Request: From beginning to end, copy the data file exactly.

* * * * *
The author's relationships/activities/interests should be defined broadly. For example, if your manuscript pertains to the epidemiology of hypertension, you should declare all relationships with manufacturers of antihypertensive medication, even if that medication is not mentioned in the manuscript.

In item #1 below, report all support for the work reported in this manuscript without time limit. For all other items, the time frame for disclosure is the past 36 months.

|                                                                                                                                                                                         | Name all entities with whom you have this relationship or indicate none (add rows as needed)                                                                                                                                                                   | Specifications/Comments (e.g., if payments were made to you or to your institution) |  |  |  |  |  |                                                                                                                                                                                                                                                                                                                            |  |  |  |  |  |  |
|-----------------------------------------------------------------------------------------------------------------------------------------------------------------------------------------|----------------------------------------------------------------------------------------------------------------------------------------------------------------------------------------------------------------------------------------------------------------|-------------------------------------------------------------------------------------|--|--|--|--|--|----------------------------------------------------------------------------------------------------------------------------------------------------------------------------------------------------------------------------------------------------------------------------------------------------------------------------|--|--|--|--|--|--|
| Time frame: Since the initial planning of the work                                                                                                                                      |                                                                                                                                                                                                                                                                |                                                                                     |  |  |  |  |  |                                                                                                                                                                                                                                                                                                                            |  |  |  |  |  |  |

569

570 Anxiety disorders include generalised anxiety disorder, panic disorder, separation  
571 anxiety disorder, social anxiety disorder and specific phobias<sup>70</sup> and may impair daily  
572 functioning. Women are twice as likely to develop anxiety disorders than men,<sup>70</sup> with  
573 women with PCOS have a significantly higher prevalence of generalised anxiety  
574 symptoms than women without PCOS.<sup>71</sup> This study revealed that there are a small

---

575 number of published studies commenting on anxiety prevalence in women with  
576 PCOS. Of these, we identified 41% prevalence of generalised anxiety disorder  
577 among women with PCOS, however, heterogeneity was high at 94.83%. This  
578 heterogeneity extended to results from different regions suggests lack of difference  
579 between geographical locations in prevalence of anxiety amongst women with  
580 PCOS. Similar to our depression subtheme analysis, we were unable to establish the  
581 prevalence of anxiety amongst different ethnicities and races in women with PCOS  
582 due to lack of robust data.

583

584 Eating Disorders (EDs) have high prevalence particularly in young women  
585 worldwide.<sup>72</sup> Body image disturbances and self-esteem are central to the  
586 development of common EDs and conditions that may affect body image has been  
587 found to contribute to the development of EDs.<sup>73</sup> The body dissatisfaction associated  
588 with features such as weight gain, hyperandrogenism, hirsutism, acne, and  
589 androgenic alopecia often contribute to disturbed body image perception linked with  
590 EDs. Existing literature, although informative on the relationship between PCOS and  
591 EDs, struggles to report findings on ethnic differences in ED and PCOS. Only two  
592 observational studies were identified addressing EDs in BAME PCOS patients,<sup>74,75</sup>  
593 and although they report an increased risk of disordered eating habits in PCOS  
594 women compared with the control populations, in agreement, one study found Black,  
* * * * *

The author's relationships/activities/interests should be defined broadly. For example, if your manuscript pertains to the epidemiology of hypertension, you should declare all relationships with manufacturers of antihypertensive medication, even if that medication is not mentioned in the manuscript.

In item #1 below, report all support for the work reported in this manuscript without time limit. For all other items, the time frame for disclosure is the past 36 months.

|                                                                                                                                                                                         | Name all entities with whom you have this relationship or indicate none (add rows as needed)                                                                                                                                                                   | Specifications/Comments (e.g., if payments were made to you or to your institution) |  |  |  |  |  |                                                                                                                                                                                                                                                                                                                            |  |  |  |  |  |  |
|-----------------------------------------------------------------------------------------------------------------------------------------------------------------------------------------|----------------------------------------------------------------------------------------------------------------------------------------------------------------------------------------------------------------------------------------------------------------|-------------------------------------------------------------------------------------|--|--|--|--|--|----------------------------------------------------------------------------------------------------------------------------------------------------------------------------------------------------------------------------------------------------------------------------------------------------------------------------|--|--|--|--|--|--|
| Time frame: Since the initial planning of the work                                                                                                                                      |                                                                                                                                                                                                                                                                |                                                                                     |  |  |  |  |  |                                                                                                                                                                                                                                                                                                                            |  |  |  |  |  |  |

569

570 Anxiety disorders include generalised anxiety disorder, panic disorder, separation  
571 anxiety disorder, social anxiety disorder and specific phobias<sup>70</sup> and may impair daily  
572 functioning. Women are twice as likely to develop anxiety disorders than men,<sup>70</sup> with  
573 women with PCOS have a significantly higher prevalence of generalised anxiety  
574 symptoms than women without PCOS.<sup>71</sup> This study revealed that there are a small

---

575 number of published studies commenting on anxiety prevalence in women with  
576 PCOS. Of these, we identified 41% prevalence of generalised anxiety disorder  
577 among women with PCOS, however, heterogeneity was high at 94.83%. This  
578 heterogeneity extended to results from different regions suggests lack of difference  
579 between geographical locations in prevalence of anxiety amongst women with  
580 PCOS. Similar to our depression subtheme analysis, we were unable to establish the  
581 prevalence of anxiety amongst different ethnicities and races in women with PCOS  
582 due to lack of robust data.

583

584 Eating Disorders (EDs) have high prevalence particularly in young women  
585 worldwide.<sup>72</sup> Body image disturbances and self-esteem are central to the  
586 development of common EDs and conditions that may affect body image has been  
587 found to contribute to the development of EDs.<sup>73</sup> The body dissatisfaction associated  
588 with features such as weight gain, hyperandrogenism, hirsutism, acne, and  
589 androgenic alopecia often contribute to disturbed body image perception linked with  
590 EDs. Existing literature, although informative on the relationship between PCOS and  
591 EDs, struggles to report findings on ethnic differences in ED and PCOS. Only two  
592 observational studies were identified addressing EDs in BAME PCOS patients,<sup>74,75</sup>  
593 and although they report an increased risk of disordered eating habits in PCOS  
594 women compared with the control populations, in agreement, one study found Black,  